Medicaid Expansion = “Medicare for All Lite”
By Bethany Blankley, The Center Square
A new report by the nonpartisan think tank The Foundation for Government Accountability (FGA) says that Medicaid expansion through the Affordable Care Act is like “Medicare for All Lite,” which has created nothing but “disastrous results.”
If the remaining non-expansion states were to expand Medicaid under Obamacare, FGA argues, about 2 million able-bodied adults risk losing their private insurance. They would then be shifted onto Medicaid and receive less quality care, placing a larger financial burden onto taxpayers.
In “Forced Into Welfare: How Medicaid Expansion Will Kick Millions Of Americans Off Of Private Insurance,” the authors note that the majority of able-bodied adults targeted to enroll in Medicaid already have affordable private insurance through an exchange program.
According to an earlier FGA analysis, nearly 54 percent of potential Medicaid expansion enrollees were already insured, and in some states like Wisconsin, the number was as high as 71 percent.
Chris Jacobs, senior fellow at the New Orleans-based Pelican Institute for Public Policy, reported on the crisis of Louisiana residents being forced to drop their private insurance to enroll in Medicaid, creating a phenomenon known as “crowd out.” After reviewing public records from the Louisiana Department of Health (LDH), Jacobs found that 15,000 people dropped their private insurance to enroll in Medicaid every month throughout 2017.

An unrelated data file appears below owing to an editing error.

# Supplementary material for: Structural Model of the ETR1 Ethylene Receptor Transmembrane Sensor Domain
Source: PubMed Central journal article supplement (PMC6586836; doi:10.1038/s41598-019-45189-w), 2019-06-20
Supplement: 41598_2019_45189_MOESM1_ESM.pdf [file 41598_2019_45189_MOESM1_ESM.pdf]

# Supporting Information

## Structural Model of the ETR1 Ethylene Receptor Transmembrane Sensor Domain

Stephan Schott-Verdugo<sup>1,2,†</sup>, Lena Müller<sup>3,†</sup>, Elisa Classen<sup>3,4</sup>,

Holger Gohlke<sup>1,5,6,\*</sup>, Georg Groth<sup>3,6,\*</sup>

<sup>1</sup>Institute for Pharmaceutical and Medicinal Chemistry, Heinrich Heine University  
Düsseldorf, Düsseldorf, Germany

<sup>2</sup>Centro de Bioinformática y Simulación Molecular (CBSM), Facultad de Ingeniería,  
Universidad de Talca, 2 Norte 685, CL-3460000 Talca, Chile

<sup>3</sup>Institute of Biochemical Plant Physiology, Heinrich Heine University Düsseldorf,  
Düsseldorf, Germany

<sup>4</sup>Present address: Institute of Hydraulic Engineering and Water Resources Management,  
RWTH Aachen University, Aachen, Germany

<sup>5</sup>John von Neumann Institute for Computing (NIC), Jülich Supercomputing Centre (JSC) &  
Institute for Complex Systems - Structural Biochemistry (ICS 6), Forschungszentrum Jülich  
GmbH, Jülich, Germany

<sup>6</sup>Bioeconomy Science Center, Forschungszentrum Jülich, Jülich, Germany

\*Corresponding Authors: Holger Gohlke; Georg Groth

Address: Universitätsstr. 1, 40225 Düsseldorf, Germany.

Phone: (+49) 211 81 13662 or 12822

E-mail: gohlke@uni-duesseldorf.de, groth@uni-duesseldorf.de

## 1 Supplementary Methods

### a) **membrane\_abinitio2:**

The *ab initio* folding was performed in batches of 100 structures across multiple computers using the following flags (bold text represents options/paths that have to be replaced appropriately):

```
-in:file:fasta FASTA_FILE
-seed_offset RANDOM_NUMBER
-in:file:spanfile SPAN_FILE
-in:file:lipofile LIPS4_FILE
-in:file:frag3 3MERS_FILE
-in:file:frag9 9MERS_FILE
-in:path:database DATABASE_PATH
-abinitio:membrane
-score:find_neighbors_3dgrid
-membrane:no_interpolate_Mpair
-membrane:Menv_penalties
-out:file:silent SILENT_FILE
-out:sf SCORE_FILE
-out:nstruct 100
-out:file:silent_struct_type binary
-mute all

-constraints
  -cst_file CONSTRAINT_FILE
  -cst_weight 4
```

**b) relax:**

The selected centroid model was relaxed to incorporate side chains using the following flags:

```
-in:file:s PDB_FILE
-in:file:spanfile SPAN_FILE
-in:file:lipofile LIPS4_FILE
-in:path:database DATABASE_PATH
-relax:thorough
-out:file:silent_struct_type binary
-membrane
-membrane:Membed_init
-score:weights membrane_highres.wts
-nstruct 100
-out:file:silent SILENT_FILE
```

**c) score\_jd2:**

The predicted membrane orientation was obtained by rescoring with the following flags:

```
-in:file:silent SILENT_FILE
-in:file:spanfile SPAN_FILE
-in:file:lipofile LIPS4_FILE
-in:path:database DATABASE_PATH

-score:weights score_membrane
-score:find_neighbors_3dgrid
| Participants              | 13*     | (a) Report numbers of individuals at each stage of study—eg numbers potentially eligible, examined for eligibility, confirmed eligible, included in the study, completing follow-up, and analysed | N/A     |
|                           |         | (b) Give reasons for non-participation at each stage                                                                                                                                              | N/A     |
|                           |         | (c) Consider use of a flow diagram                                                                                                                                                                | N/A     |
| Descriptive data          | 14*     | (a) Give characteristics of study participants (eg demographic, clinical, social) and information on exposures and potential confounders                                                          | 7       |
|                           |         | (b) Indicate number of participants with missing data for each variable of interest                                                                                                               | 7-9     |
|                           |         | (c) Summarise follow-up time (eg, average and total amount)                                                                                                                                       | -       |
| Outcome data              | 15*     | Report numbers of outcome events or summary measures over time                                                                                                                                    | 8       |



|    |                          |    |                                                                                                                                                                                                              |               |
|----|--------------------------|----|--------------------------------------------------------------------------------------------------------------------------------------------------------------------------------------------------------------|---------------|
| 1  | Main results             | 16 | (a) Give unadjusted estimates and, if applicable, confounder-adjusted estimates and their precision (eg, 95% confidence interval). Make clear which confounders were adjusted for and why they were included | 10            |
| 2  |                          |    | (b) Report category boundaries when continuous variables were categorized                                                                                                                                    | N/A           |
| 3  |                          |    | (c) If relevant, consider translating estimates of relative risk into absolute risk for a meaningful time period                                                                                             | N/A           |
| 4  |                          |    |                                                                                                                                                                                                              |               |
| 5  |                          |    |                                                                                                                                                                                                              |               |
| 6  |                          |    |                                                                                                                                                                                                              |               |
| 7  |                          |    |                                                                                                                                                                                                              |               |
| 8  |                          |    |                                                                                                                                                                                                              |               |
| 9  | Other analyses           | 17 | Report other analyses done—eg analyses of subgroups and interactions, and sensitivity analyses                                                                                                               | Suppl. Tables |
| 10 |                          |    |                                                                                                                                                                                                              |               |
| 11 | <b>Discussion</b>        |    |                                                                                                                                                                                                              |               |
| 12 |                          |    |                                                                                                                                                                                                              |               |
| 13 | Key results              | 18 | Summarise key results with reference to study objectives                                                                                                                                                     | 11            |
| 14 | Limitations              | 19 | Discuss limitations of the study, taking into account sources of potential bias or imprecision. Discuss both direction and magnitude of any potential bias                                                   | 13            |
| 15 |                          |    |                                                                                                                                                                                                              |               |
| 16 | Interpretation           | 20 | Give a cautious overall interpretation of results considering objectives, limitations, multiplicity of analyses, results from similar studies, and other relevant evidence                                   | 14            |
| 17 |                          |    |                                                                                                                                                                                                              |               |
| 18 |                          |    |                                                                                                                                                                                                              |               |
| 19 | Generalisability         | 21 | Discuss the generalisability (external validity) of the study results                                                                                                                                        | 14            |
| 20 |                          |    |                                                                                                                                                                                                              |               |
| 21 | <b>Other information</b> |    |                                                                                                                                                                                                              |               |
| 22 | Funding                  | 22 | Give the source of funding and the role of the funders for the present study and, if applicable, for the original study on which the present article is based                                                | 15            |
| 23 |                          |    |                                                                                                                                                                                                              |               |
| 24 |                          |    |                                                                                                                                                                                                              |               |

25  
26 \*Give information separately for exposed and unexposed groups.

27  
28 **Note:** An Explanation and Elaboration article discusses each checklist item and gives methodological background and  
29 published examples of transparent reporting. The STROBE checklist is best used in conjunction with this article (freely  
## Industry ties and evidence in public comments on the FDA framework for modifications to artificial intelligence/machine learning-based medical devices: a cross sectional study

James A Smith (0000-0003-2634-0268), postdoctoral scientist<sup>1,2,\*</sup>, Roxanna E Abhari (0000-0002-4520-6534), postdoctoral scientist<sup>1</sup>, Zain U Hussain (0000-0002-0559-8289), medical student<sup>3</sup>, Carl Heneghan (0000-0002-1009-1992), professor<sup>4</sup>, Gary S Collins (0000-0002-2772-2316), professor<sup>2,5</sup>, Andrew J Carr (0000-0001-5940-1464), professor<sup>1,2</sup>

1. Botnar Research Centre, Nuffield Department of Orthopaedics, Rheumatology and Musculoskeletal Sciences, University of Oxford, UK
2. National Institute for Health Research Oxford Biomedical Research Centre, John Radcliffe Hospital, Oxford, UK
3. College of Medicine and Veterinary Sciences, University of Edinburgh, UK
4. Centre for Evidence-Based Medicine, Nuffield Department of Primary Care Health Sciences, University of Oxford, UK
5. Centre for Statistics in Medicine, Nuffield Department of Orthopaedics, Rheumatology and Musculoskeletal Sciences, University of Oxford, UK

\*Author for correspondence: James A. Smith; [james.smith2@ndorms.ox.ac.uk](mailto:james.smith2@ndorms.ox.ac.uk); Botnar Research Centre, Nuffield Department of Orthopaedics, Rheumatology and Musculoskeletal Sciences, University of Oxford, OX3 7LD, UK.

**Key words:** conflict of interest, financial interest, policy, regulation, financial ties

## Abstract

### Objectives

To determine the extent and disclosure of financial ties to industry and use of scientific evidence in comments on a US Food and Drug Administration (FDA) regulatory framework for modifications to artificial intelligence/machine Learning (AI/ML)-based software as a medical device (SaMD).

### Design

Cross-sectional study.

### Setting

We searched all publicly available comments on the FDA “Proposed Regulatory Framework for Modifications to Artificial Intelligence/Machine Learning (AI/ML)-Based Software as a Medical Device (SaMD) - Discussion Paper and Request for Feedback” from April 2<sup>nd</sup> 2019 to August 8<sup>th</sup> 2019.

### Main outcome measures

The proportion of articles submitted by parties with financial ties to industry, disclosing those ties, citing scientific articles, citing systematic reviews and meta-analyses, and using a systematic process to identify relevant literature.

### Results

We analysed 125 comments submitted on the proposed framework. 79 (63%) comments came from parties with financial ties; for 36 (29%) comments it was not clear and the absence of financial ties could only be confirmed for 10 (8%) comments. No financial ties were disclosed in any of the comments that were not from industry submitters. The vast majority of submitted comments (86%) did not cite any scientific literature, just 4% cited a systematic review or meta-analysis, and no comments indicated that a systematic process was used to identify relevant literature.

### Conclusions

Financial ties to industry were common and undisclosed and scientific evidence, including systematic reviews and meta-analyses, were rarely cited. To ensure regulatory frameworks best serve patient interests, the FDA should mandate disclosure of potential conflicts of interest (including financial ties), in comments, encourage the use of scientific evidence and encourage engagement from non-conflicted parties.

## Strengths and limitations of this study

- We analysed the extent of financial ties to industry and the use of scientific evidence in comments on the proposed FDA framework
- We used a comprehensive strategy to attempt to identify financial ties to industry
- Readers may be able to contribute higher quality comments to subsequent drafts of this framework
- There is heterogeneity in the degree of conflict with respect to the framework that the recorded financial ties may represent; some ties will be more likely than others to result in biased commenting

“Crowd out populations pose big potential costs for Louisiana taxpayers,” Jacobs said. “In 2015, the Legislative Fiscal Office assumed that if Louisiana expanded Medicaid, the state would spend between $900 million and $1.3 billion over five years providing Medicaid coverage to individuals with prior health coverage.”
The average expansion enrollee cost per person is $6,286.20 per year in Louisiana, Jacobs calculates based on LDH testimony given to the House Appropriations Committee earlier this year.
Multiplying this average cost-per-enrollee by the number of individuals who dropped private coverage, according to last year’s LSU Health Insurance Survey, the Pelican Institute estimates the potential cost to state and federal taxpayers is $461.6 million per year.
Similar patterns are occurring nationwide, the FGA report notes. Economists, including Obamacare architect Jonathan Gruber, have concluded that Medicaid expansions in the late 1990s and early 2000s created a crowd-out effect of roughly 60 percent. In other words, for every 10 new Medicaid enrollees, six left private insurance plans, FGA said.